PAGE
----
ROME — The novel coronavirus has forced Pope Francis to scrap his public appearances and postpone his first overseas trip of the year, to Malta. He now recites his Sunday Angelus not from a window overlooking St. Peter's Square, but from a Vatican library. This week, he'll conduct the ceremonies leading up to Easter largely via live stream.
But as Francis guides the global Catholic Church through the pandemic, he has made it clear he has no interest in full-on papal social distancing.
He continues to hold in-person meetings, sometimes sitting almost knee-to-knee with guests. He eschews wearing a mask, according to photographs and people who have met with him. He has tried to maintain a near-normal daily schedule even as the virus has reached closer — with one positive case discovered in late March in Santa Marta, the residence hall where Francis lives.
Among world leaders during the pandemic era, Francis — 83 years old and missing part of a lung — has faced one of the most delicate calculations about how much to pull back. He has groused in recent weeks about feeling “caged,” and his sociable, off-the-cuff personal style runs counter to the best guidance about how to contain the virus.
Vatican insiders say the pope has indeed reduced his interactions but is also trying to appear present — and not self-concerned — during a dark period of global grief and mounting social tensions. They also suggest he is seeking to set an example to priests around the world of how to find creative ways to stay involved even as their churches are shuttered.
Still, some worry the pontiff is taking too many chances with the virus.
“Let’s hope he doesn’t catch it,” said one Vatican official, speaking on the condition of anonymity because he did not want to be publicly critical of the pope. “Can you imagine a conclave in a time of epidemic? It would look like a sci-fi Vatican novel.”
“Quod Deus avertat,” he added, switching to Latin. God forbid.
The Vatican did not respond to questions about how Francis is safeguarding himself. According to Italian media outlets, he has been tested twice for the virus, both times with negative results.
Another official who spoke on the condition of anonymity said the pope now eats alone. Archbishop Vincenzo Paglia, who has met twice in person with Francis in recent weeks, said that during his visits, the two maintained “a certain distance, but it’s not as if there were particular measures.” He said he washed his hands before the meetings.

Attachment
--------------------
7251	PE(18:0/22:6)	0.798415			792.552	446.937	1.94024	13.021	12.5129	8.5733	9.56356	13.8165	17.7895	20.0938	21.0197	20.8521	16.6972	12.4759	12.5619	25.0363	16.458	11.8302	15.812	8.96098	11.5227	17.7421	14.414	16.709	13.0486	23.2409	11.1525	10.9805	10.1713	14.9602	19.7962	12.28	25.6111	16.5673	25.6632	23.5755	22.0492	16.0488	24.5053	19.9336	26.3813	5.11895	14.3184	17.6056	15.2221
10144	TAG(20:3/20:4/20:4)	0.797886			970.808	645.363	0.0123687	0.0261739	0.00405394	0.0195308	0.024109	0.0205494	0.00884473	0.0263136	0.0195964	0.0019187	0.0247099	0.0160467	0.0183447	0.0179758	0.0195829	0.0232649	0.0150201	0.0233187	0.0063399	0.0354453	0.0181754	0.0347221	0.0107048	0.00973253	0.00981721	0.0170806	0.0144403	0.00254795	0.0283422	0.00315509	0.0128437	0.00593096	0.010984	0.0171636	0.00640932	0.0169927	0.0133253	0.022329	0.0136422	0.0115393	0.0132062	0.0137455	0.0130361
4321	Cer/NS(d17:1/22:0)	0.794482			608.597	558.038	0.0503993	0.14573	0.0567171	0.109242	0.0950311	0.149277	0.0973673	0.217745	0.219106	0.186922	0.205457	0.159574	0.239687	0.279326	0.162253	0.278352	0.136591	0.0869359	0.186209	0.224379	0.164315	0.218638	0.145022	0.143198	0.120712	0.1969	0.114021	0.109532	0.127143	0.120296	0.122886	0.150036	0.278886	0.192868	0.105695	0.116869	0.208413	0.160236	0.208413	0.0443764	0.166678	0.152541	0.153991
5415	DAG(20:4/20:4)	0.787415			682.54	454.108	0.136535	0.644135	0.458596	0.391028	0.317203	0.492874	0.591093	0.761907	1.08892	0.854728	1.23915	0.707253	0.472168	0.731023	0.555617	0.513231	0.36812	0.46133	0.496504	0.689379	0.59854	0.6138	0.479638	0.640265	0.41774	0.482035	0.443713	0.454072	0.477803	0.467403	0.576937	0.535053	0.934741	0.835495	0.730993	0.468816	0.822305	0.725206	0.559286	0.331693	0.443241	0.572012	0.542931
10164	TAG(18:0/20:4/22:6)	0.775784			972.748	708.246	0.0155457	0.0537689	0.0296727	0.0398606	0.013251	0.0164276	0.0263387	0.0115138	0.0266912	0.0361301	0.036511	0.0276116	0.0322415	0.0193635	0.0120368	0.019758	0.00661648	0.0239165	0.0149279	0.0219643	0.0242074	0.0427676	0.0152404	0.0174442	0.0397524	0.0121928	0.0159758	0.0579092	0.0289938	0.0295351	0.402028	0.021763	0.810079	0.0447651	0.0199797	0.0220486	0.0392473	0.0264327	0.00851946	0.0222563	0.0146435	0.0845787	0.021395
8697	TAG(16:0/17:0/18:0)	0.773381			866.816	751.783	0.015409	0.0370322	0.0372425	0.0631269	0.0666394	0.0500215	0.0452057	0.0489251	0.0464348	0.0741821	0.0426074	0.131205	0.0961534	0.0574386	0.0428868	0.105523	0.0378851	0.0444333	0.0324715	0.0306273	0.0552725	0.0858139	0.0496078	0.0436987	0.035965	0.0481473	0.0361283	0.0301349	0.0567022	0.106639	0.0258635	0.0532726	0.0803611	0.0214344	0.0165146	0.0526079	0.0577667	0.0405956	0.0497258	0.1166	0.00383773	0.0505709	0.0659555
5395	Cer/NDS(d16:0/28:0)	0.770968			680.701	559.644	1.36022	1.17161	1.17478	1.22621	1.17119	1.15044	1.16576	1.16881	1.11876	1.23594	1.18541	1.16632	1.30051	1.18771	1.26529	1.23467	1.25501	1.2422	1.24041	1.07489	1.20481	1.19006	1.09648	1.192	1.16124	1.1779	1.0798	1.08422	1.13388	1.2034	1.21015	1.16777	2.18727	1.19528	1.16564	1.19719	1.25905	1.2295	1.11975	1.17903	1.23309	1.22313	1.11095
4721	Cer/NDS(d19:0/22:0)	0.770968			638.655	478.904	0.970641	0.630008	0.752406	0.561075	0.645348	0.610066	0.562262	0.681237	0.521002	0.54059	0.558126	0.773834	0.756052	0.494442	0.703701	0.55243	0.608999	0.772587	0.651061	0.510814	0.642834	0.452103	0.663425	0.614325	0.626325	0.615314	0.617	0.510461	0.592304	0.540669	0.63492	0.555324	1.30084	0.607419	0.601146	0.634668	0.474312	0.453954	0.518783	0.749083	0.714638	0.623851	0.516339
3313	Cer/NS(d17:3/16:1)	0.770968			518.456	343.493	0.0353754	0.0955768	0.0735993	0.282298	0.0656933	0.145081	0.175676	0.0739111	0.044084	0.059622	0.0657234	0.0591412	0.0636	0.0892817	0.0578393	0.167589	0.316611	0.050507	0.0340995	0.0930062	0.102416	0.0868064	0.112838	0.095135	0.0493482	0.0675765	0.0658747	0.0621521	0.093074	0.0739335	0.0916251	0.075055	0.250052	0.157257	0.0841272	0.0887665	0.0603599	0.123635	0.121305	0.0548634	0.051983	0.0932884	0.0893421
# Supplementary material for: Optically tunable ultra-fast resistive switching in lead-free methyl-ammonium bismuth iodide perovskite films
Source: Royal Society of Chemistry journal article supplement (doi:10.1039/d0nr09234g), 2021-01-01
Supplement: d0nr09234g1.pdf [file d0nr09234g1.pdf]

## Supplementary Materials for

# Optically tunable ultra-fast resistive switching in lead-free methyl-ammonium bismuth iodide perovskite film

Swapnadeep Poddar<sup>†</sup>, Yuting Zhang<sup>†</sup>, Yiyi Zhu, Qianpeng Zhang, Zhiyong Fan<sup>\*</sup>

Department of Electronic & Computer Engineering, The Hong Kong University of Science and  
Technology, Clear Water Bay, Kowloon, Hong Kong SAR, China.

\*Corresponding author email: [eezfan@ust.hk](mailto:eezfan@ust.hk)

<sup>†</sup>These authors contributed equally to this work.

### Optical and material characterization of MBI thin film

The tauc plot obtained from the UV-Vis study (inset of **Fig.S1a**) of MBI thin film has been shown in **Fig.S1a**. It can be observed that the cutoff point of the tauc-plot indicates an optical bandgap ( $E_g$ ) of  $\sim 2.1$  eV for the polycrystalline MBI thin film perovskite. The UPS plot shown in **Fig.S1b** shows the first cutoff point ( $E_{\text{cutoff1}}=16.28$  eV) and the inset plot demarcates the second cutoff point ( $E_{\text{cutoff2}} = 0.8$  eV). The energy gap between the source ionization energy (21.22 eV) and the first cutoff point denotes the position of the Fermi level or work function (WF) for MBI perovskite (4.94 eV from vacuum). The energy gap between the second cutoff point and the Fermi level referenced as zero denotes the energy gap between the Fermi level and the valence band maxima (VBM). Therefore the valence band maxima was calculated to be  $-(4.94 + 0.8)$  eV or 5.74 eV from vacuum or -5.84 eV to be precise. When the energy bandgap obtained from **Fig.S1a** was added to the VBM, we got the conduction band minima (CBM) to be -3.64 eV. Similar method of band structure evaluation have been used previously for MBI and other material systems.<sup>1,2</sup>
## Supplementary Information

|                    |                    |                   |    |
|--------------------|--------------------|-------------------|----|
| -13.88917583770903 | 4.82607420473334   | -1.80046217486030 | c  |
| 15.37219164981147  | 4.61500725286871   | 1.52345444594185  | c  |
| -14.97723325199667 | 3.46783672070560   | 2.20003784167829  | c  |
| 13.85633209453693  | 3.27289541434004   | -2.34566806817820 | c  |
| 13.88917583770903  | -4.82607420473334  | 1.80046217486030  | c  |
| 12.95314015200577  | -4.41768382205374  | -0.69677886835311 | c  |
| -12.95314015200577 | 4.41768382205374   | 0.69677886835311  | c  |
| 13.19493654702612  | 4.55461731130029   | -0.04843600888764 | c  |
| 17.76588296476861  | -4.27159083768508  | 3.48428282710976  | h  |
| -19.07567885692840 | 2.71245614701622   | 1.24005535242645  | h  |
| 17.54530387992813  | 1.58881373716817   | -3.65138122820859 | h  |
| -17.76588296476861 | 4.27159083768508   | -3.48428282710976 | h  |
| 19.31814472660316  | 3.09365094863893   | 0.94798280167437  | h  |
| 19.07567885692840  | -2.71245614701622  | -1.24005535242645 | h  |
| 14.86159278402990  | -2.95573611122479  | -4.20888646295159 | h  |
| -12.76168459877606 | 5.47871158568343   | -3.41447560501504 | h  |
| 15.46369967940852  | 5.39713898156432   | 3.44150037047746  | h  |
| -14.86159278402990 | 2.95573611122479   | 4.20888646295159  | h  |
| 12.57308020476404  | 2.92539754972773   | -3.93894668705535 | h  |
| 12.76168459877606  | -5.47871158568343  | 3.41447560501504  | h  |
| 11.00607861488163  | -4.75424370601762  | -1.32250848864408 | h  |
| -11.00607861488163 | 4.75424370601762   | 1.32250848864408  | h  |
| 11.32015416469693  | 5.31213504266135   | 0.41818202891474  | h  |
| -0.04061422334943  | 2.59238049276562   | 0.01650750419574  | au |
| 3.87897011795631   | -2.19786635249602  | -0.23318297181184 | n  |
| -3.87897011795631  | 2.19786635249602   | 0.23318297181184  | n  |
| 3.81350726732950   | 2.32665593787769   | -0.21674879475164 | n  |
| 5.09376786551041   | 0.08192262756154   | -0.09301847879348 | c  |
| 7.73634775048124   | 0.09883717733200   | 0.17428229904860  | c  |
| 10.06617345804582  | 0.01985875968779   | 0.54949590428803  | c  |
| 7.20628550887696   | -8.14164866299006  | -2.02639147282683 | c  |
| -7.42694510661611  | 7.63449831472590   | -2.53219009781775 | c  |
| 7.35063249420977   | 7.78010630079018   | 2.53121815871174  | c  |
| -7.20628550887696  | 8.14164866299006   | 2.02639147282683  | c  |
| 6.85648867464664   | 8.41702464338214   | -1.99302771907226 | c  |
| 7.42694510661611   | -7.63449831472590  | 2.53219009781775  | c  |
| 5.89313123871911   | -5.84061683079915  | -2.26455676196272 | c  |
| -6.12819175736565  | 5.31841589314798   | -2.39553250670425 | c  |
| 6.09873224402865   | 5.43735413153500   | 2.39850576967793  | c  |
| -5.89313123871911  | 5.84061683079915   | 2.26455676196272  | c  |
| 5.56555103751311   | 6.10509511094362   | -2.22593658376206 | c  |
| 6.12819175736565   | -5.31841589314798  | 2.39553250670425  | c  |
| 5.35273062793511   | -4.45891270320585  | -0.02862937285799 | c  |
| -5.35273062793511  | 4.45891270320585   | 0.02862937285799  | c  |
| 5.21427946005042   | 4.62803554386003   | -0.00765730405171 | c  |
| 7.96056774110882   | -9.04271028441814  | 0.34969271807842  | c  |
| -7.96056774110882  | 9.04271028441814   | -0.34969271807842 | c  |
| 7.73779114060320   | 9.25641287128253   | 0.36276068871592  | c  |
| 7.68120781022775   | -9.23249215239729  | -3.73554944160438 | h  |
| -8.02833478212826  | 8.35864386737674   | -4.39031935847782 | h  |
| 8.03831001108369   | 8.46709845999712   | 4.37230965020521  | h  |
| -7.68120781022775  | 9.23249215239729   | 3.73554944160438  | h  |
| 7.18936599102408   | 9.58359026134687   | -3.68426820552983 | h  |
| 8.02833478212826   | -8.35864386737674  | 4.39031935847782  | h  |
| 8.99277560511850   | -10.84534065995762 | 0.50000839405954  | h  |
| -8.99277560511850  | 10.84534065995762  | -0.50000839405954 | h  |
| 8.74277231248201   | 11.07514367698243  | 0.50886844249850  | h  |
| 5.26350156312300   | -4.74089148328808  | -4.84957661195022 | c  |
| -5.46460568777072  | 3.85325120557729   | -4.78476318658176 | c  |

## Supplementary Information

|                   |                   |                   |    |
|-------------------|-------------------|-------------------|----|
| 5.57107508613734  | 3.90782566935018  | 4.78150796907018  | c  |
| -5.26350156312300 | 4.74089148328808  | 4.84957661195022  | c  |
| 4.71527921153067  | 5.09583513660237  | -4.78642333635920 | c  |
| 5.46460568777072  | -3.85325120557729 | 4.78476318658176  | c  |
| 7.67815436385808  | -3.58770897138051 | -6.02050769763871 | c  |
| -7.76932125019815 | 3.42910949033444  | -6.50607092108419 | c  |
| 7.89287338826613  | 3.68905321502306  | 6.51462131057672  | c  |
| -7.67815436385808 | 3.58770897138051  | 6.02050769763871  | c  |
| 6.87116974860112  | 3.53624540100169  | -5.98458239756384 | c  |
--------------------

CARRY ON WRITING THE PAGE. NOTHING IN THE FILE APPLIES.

“There is a sort of ordinary quality, which is surprising,” Paglia said.
Paglia said Francis had no interest in discussing his own health and was instead preoccupied with planning for the aftermath of the crisis.
“Huge social problems will emerge,” Paglia said, summarizing the pope’s remarks to him. “He believes that the world will entirely change and that the church will have to change, too.”
According to his publicly released schedule, Francis has met with more than 80 people since the beginning of March, when the virus was already spreading across Italy and other places in Europe. On March 9, he hosted a group of French bishops, including one who tested positive for the virus soon after. Francis appears to have since stopped large-scale meetings but has kept up more intimate gatherings: one-on-one sit-downs at a desk, as well as audiences with a dozen or so priests and prelates, each seated roughly six feet apart from one another in a circle, none wearing masks.
At the most recent such event, on Wednesday, one attendee stood at Francis’s side during a concluding blessing.
Fabrizio Pregliasco, a virologist at the University of Milan who examined video and photos of the pope’s recent meetings, said the protocols in place were “terrible.”
“It is crowded, too close,” he said. “They should find stricter ways, also so as to set an example.”
Francis offered some insight into his approach during an interview with the British papal biographer Austen Ivereigh, alluding to a cardinal portrayed in an Alessandro Manzoni novel who rode through a plague-stricken village “with the window of his carriage closed to protect himself.”
“This did not go down well with the people,” Francis said in the interview, which was conducted with written questions and recorded audio answers and released Wednesday. “The people of God need their pastor to be close to them, not to overprotect himself. The people of God need their pastors to be self-sacrificing.”